I have stopped what I feel was 'active' enabling - doing his homework, nagging about responsibilities, making excuses for both outsiders and his own ego for things he chose not to do... I know I have a ways to go, but I like to think I'm doing better as a recovering super-co-dependent.
About 5 years ago I got to where I felt I had to just let him fail at things - I could no longer feel responsible for his grades, whether he finished college, or even took care of his student debt. Things that would affect me adversely, like paying rent and utilities and groceries, I took care of. Anything else was his responsibility. So I let him fail out of school, let him deal with the annoying calls and letters, let him deal with the shame of having me be the breadwinner and our friends see me paying for everything and exhausted from working so many hours to make ends meet. I stopped making excuses. After a while, he decided he needed a job, and got an kept one. And after working four years, he decided he needed to finish school, so he went through the steps to re-enroll, and is passing the class he signed up for this semester. He's still waiting till the last minute to do all things, and freaking out like the big paper he has to write was a surprise, and he still neglects speaking with his adviser, expecting them to call him (
), but I am not feeling this is my fault or duty anymore, and his own self esteem has been bolstered by doing things he knows he should ahve for a long time... some of his shame was addressed and a solution for it was found, by him.
So by letting him fail, I think in a way I let him find a way to succeed, too.
As for housework, I clean because I like things clean. It frazzles me at times to care more about it than him, but I think this is a living arrangement problem that has existed from the dawn of time - one person will care more, and therefore do more work, than the other. In regards to things like housework and repairs, I pretty much live as if I am single in this regard in most cases. I clean as though I am single and just have some extra dishes to wash, I'd still ahve the pets to care for, the trash to take out... It's be great to have help, but it's a battle I've chosen to not fight every week. I mow the lawn, tend to the garden when it's not dead from drought, put up holiday decorations to please me, and take care of small repairs on my own because simply it's not worth my time to go through the crazy dysregulation of him attempting to do anything. Seeing things get repaired, cleaned or tended makes me feel good and it's easy to feel you accomplished something when you ahve a new bed of flowers planted, or a clean kitchen.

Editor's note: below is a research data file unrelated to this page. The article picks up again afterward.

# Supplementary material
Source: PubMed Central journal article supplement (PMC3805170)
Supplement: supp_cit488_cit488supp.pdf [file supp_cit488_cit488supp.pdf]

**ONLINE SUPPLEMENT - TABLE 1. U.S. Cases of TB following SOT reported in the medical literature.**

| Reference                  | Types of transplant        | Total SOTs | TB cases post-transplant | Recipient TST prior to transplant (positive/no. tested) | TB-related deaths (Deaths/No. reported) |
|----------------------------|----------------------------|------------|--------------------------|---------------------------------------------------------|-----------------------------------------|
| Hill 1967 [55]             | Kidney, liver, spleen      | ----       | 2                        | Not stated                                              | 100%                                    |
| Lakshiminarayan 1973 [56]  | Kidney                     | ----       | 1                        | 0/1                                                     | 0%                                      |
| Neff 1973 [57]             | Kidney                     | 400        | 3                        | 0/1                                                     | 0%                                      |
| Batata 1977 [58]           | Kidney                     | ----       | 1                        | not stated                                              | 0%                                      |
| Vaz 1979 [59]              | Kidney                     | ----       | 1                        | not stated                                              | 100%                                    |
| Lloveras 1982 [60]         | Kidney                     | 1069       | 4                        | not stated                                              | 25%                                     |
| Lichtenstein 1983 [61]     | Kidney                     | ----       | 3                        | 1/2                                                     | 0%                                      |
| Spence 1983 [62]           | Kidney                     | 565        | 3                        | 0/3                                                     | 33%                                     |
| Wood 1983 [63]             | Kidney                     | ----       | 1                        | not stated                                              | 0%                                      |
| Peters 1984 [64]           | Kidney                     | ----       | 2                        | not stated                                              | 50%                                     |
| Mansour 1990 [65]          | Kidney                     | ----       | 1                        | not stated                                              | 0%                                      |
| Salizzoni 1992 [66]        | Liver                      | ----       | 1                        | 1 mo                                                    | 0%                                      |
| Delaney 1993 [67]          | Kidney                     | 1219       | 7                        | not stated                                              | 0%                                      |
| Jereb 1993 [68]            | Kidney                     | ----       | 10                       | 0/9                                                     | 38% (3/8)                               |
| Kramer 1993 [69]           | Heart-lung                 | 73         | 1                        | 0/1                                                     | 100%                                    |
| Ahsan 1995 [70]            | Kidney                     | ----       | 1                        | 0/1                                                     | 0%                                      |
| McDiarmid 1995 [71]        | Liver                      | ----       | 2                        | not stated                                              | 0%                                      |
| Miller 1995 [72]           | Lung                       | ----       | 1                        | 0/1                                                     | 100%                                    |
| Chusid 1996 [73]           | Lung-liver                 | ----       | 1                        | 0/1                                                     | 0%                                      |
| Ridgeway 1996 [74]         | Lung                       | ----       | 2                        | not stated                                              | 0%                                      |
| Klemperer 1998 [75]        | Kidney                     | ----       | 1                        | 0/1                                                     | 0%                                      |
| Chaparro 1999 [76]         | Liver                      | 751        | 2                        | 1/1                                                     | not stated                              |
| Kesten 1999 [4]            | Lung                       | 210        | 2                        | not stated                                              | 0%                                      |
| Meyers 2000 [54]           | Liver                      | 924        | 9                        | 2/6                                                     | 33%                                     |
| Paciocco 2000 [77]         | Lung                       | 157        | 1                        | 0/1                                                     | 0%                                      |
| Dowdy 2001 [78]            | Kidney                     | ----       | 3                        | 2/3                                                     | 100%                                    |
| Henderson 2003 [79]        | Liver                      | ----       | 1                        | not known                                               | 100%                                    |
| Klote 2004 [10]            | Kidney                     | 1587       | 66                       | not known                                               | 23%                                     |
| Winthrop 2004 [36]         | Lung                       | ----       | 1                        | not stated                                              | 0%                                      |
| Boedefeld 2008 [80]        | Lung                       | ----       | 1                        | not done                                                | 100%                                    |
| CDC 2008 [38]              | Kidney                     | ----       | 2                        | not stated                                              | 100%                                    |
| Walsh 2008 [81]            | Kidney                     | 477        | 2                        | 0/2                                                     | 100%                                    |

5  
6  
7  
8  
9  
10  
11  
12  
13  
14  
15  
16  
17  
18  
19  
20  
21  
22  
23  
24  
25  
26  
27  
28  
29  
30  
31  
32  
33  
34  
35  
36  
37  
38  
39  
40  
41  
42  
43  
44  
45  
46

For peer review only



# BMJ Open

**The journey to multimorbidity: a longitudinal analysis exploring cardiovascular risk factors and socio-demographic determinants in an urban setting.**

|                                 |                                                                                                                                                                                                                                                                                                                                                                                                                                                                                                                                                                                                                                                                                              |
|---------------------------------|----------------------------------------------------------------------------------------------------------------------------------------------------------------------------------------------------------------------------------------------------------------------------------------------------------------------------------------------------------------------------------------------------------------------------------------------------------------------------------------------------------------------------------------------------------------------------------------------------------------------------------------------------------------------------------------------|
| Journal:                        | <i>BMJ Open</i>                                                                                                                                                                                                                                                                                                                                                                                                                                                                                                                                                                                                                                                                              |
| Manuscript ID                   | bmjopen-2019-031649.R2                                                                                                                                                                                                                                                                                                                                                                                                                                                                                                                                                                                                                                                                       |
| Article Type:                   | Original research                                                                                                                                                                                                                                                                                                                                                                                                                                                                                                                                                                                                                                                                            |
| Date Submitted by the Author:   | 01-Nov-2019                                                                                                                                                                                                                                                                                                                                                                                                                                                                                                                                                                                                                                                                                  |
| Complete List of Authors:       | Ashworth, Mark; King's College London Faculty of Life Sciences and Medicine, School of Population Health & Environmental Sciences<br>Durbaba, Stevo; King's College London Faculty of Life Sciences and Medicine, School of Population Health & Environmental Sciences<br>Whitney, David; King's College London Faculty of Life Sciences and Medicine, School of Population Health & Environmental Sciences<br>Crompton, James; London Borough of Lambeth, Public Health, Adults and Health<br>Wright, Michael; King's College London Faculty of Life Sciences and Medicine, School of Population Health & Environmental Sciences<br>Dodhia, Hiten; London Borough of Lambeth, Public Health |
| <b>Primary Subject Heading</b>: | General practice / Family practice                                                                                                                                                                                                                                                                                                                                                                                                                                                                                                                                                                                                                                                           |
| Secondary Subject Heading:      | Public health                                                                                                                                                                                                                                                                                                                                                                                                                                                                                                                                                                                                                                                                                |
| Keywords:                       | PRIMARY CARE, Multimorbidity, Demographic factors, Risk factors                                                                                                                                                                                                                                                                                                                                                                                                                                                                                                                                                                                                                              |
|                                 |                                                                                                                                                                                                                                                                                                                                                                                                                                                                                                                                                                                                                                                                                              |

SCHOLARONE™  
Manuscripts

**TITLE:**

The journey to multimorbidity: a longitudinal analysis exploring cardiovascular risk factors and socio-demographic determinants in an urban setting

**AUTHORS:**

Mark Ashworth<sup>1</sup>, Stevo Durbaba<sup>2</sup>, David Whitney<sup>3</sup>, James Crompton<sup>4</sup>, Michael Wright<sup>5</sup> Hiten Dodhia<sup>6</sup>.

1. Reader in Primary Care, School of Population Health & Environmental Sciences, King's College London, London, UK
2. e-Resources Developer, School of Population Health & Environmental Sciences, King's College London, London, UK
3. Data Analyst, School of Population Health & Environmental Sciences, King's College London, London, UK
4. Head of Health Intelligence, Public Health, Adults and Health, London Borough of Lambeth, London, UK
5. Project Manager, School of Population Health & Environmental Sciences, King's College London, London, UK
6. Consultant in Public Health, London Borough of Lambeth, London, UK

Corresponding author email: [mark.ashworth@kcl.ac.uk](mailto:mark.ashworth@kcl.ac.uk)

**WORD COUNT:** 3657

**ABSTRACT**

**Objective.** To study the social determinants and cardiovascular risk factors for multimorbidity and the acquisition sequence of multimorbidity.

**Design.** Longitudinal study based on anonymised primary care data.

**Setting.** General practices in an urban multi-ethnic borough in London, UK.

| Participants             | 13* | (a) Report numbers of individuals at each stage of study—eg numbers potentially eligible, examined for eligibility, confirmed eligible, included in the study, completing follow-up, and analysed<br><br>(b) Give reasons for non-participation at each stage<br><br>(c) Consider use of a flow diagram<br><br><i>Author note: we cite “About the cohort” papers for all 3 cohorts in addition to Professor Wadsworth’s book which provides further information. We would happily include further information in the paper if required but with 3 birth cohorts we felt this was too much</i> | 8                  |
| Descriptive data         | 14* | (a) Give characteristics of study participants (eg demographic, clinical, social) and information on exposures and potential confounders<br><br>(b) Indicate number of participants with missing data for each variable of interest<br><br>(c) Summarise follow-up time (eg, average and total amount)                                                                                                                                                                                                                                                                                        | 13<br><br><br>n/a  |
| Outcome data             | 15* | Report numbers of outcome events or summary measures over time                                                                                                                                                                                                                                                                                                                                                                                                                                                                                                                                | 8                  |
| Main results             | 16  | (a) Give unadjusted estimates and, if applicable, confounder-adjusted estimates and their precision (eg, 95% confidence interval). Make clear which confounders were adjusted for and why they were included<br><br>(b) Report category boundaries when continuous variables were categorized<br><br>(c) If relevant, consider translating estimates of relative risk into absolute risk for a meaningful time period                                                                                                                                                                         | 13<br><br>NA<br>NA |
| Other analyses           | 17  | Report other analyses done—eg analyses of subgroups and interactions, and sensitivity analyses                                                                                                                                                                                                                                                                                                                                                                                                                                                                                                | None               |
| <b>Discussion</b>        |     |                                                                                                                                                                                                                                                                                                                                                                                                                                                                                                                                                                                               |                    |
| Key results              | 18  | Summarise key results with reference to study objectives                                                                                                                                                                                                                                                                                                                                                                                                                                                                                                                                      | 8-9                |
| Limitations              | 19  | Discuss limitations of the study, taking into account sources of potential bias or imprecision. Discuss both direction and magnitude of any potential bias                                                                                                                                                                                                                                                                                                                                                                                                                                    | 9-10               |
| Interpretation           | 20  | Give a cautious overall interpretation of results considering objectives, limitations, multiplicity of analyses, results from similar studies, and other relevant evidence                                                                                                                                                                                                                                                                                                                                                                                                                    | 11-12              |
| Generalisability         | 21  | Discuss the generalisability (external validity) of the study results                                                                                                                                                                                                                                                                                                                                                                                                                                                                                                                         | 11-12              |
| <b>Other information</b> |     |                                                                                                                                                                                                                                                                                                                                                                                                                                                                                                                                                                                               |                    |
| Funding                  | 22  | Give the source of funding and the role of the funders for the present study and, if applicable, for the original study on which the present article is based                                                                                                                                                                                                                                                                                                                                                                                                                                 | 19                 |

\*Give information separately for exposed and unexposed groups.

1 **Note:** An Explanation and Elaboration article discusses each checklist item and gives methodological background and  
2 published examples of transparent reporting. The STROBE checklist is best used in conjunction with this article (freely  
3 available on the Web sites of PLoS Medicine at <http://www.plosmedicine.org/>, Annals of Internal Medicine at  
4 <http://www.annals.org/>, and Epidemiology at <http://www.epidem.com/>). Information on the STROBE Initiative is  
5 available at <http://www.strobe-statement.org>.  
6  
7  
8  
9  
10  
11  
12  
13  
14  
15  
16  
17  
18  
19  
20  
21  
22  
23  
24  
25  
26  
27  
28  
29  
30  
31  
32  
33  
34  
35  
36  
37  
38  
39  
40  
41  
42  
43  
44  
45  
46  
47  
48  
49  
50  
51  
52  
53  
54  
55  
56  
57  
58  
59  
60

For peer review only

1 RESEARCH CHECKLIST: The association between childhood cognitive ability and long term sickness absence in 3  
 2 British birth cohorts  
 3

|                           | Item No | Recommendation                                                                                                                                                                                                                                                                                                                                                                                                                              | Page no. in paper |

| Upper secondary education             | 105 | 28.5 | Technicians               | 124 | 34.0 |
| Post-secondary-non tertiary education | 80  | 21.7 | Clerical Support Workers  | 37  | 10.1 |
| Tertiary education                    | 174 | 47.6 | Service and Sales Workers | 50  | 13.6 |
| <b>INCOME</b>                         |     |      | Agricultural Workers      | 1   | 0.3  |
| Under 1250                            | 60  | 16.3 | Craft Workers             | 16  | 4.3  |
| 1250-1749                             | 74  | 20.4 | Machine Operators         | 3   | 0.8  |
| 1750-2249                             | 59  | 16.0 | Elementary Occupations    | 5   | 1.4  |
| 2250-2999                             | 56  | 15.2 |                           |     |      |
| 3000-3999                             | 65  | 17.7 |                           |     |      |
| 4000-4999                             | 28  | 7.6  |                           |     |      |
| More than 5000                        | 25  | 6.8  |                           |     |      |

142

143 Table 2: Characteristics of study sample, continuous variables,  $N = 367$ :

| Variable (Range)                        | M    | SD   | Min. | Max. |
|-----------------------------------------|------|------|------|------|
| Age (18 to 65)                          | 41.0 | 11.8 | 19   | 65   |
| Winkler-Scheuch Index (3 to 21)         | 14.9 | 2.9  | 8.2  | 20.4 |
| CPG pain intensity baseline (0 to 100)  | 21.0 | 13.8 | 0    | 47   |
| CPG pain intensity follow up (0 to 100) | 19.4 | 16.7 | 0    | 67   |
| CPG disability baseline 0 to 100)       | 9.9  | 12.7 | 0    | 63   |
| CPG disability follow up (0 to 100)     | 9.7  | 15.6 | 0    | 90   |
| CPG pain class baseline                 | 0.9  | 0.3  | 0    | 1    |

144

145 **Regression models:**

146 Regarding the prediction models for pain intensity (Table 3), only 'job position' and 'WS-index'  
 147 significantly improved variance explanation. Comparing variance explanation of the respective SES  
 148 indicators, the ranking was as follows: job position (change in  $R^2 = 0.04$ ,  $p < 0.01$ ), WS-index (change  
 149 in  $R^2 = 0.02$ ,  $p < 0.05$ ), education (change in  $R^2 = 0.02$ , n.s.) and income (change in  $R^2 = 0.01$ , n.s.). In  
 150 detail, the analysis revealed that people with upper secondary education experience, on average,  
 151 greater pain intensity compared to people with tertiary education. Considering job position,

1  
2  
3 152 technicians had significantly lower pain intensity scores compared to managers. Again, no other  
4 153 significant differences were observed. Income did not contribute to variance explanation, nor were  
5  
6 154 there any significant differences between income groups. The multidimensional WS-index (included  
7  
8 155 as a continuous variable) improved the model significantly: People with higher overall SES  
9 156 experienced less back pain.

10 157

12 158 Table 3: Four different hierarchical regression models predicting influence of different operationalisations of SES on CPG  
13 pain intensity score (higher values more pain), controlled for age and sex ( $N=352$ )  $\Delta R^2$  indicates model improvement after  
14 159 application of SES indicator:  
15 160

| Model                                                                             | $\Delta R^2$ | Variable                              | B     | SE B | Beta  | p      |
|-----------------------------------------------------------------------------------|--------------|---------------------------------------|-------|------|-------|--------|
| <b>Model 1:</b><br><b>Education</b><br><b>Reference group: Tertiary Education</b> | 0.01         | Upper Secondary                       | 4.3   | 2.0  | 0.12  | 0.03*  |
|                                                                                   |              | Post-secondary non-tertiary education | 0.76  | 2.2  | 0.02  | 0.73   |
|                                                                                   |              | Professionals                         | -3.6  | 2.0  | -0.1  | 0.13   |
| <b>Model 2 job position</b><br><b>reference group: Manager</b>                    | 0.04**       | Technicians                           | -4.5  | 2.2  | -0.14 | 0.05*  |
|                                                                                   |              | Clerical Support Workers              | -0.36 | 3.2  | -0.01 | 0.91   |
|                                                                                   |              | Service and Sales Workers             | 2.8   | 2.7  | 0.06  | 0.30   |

I can fix a toilet in 30 minutes, alone, with the right parts and tools. It's take him a few hours of not looking up how to fix it, getting mad and throwing perfectly good parts around, breaking them, making one of us (me, I was the one who could 'behave' in public) go buy new parts. He'd rather spend extra $$$ to call a plumber for something I can learn to do from YouTube. He wanted to call an electrician to install a $5.00 switch to a ceiling fan. So I waited till he'd be gone a few days on business, looked at some videos, read a lot about it, and after I was assured the power was off I got it done in less than half an hour.
Is this a type of enabling? Or is it just me taking myself out of a bad situation (repairing something together) and taking care of it myself? I have always been very independent, and so this 'solution' feels very comfortable to me (meaning it's probably not the best thing to do). I do not resent doing these projects - I feel proud of my ability to replace faucets and change tires - as a woman I like knowing I can do these things on my own if needed, and call a professional if I can't do what needs to be done.
Back in October, he decided to do a woodworking project himself one day while I was very ill. Usually this would mean me getting some clothes on and standing around feverish waiting for the shoe to drop and the rage to start, and then trying to 'fix' it. This time I stayed in bed - he didn't freak out about me staying in bed, and he got the job done... on his own. It took a long time, he got really angry and frustrated, but I wasn't there to be a target, so I didn't absorb the bad feelings into myself. I made sure to let him know I felt he did a good job on his project (lots of cutting and sanding and beveling of a large piece of wood for an art project), and then rubbed some icy hot on his sore shoulders. I felt proud he did it on his own, without coming into the house to pester me, especially when I was sick, as was his usual MO.
So I guess I am happy to find as I make attempts to stop enabling, as I can spot it, I think I am giving him chances to succeed as well as fail - and him succeeding on his own, without feeling I did it all for him, or his mom did, has GOT to be good for him in some way. I was even surprised two weeks in a row - he went and drove to get take out ON HIS OWN. He never drives, and often resents being asked to pick up anything on the way home if he has the car for a change, but I asked him to do it last week and he did it on his own this week
Little things other couples can take for granted are really big things to me